Newsweek has published a special issue. ABC will telecast the event. Commemorative coins have been issued, awards will be bestowed by the president and, even more of an event, Frank Sinatra will sing. The Statue of Liberty, 100 years old and all gussied up, is going to get a party. It is clear, we love that statue. It is just as clear, though, that we love ourselves more.
The statue has earned our affection, and there is nothing wrong with bathing it in fireworks and showering it with praise. It is a mighty monument, almost sacred to some, that says more about America -- the reality and the myth -- than any other work of man or nature. The statue is our statement -- an outstretched arm, a welcome and the promise, sometimes false, that you can be what you want. For many immigrants, that promise was kept.
But the celebration of the statue's 100th anniversary is evolving into something more than a birthday party for a national symbol. Like the 1984 Olympics before it, it is becoming an excuse for celebrating not just who we are as a nation but our self-proclaimed superiority as well. We are no longer just different or distinct. We are No. 1 one.
In the last several years, the United States has gone from resurgent nationalism to outright narcissism. We can't get enough of ourselves. We no longer just celebrate distinctive American traits -- our culture, our ethic -- but proclaim them the best. Free enterprise capitalism, which on the whole has been a boon to America, is unhesitantly prescribed as a universal panacea. We are confident we have the kinks worked out and think the whole world ought to adopt it.
The new narcissism has given rise to a new kind of isolationism. Unlike the old one, the urge now is not to withdraw into our own continent so much as it is to ignore both the wishes and the sensibilities of the rest of the world. We have, for instance, slowly diminished the importance of the United Nations. We have withdrawn entirely from UNESCO. We walked out of the World Court when Nicaragua went before it to complain of U.S. attempts to topple its government. Each case seemed to have been decided on its own merits, but the trend and the results are clear: we are more on our own than we used to be.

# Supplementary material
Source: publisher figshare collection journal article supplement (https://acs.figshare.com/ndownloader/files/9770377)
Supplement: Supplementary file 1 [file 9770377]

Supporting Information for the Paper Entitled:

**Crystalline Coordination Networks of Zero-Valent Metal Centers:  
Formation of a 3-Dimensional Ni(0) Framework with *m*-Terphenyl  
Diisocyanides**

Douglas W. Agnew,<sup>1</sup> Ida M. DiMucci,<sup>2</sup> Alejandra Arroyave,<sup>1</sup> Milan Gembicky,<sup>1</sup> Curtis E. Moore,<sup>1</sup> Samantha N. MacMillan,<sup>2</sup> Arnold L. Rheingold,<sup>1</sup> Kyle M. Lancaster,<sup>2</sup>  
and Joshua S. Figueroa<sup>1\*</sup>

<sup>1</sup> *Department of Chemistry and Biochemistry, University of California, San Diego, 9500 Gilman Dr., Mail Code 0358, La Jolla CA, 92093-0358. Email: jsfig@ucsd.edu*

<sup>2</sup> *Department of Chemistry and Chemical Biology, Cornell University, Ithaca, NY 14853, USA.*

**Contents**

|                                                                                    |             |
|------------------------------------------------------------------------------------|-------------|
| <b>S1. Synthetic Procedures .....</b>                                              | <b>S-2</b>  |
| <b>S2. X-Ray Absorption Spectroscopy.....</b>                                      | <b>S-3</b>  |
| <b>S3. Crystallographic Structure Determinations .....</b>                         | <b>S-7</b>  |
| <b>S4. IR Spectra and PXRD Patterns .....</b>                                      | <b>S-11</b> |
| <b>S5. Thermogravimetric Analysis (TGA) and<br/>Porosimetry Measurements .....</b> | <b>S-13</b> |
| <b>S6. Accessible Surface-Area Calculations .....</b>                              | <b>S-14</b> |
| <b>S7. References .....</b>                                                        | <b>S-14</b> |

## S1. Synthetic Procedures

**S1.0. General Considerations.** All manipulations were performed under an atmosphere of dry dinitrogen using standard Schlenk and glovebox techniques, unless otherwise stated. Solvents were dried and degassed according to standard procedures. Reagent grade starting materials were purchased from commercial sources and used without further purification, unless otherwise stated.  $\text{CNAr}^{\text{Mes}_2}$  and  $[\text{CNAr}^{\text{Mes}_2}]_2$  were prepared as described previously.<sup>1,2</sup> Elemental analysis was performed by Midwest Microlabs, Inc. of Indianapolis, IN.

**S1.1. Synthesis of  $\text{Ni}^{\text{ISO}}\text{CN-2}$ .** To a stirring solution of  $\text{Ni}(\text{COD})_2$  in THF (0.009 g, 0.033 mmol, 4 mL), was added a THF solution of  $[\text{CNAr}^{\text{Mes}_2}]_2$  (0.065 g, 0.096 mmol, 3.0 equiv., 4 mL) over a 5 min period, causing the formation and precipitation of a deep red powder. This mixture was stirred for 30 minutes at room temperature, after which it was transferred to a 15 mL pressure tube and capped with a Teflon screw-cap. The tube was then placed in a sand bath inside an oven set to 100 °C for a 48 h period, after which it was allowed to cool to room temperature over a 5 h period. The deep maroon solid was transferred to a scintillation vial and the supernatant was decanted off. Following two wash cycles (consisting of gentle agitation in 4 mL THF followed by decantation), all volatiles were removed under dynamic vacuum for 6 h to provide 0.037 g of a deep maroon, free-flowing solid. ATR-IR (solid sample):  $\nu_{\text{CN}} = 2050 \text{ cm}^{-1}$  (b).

Similarly, the United States went it alone when it came to the Libyan air strike. Aside from the British permitting the use of NATO air bases, the rest of the Western Alliance would not go along. They had their doubts, but we dismissed them. For what seemed like good reasons at the time, we bombed a sovereign country, killed a child of its leader and now have reason to wonder whether we retaliated against the right country. Is it possible that Syria is behind most terrorism?
America, though, shows no doubts. It is in no mood to second-guess itself -- not on Libya, not on SALT II, not on stoking the fires of counterinsurgencies all over the world. Our righteousness is proclaimed by the president and lesser politicians, and blessed in the most sanctimonious terms by preachers. By the former we are told we are right; by the latter we are told that God is on our side. As with Iran under the ayatollah, religion and politics have been fused into iron conviction. We do God's work and, by golly, we do it well.
Some will say that this narcissism is a product of the preceding era of national doubt. The war in Vietnam and the scandal of Watergate caused us to question what sort of people we were. We were hard on ourselves, but then we had reason to be. The saddest monument in America commemorates the dead of Vietnam -- and those are just some of that war's victims. A nation as powerful as ours can do a lot of damage when it is wrong. Its first obligations should be humility, caution and prudence -- all true conservative virtues. But now we run those barricades with little patience. We are insufferably sure we are right. As a nation, we wear one of those "Damn, I'm Good" buttons.
Everyone loves a party and, for sure, the Statue of Liberty deserves one. But this party is fast becoming another episode in a national drunk -- a bender of yahooism, chauvinism and narcissism by a country whose greatness is manifest and hardly needs to be brassily proclaimed. The old lady in the harbor is being used. The party that we claim is for her is really for ourselves, and the noise is getting awful. Walt Whitman listened and heard America singing. Now it blows its own horn.